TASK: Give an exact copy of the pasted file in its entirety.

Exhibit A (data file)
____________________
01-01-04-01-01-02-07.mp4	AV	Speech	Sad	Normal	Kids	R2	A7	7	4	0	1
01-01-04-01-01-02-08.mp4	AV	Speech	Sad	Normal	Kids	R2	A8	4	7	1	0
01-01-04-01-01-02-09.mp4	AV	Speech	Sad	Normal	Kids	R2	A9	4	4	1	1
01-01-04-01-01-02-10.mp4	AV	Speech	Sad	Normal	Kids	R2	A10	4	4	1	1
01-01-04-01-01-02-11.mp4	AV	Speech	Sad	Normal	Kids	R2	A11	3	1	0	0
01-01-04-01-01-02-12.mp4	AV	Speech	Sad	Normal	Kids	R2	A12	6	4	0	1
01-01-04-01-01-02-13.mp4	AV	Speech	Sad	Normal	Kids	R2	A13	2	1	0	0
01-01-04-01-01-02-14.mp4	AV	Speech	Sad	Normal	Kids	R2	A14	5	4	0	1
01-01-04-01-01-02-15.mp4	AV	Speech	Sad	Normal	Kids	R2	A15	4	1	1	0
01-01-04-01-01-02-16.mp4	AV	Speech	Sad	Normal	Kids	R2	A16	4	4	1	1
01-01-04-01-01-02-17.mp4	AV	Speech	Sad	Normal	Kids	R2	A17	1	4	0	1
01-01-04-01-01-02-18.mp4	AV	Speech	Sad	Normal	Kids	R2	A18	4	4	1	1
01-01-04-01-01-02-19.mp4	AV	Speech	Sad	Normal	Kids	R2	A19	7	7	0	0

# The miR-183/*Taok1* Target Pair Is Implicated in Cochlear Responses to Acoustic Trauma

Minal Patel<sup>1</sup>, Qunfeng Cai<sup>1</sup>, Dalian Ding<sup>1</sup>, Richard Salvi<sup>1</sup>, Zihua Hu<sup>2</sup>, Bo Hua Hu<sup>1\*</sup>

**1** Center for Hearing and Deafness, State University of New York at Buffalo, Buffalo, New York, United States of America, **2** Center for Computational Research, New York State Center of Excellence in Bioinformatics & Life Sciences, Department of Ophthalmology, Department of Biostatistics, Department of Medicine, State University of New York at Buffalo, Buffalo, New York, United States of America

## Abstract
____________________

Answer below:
01-01-04-01-01-02-07.mp4	AV	Speech	Sad	Normal	Kids	R2	A7	7	4	0	1
01-01-04-01-01-02-08.mp4	AV	Speech	Sad	Normal	Kids	R2	A8	4	7	1	0
01-01-04-01-01-02-09.mp4	AV	Speech	Sad	Normal	Kids	R2	A9	4	4	1	1
01-01-04-01-01-02-10.mp4	AV	Speech	Sad	Normal	Kids	R2	A10	4	4	1	1
01-01-04-01-01-02-11.mp4	AV	Speech	Sad	Normal	Kids	R2	A11	3	1	0	0
01-01-04-01-01-02-12.mp4	AV	Speech	Sad	Normal	Kids	R2	A12	6	4	0	1
01-01-04-01-01-02-13.mp4	AV	Speech	Sad	Normal	Kids	R2	A13	2	1	0	0
01-01-04-01-01-02-14.mp4	AV	Speech	Sad	Normal	Kids	R2	A14	5	4	0	1
01-01-04-01-01-02-15.mp4	AV	Speech	Sad	Normal	Kids	R2	A15	4	1	1	0
01-01-04-01-01-02-16.mp4	AV	Speech	Sad	Normal	Kids	R2	A16	4	4	1	1
01-01-04-01-01-02-17.mp4	AV	Speech	Sad	Normal	Kids	R2	A17	1	4	0	1
01-01-04-01-01-02-18.mp4	AV	Speech	Sad	Normal	Kids	R2	A18	4	4	1	1
01-01-04-01-01-02-19.mp4	AV	Speech	Sad	Normal	Kids	R2	A19	7	7	0	0

# The miR-183/*Taok1* Target Pair Is Implicated in Cochlear Responses to Acoustic Trauma

Minal Patel<sup>1</sup>, Qunfeng Cai<sup>1</sup>, Dalian Ding<sup>1</sup>, Richard Salvi<sup>1</sup>, Zihua Hu<sup>2</sup>, Bo Hua Hu<sup>1\*</sup>

**1** Center for Hearing and Deafness, State University of New York at Buffalo, Buffalo, New York, United States of America, **2** Center for Computational Research, New York State Center of Excellence in Bioinformatics & Life Sciences, Department of Ophthalmology, Department of Biostatistics, Department of Medicine, State University of New York at Buffalo, Buffalo, New York, United States of America

## Abstract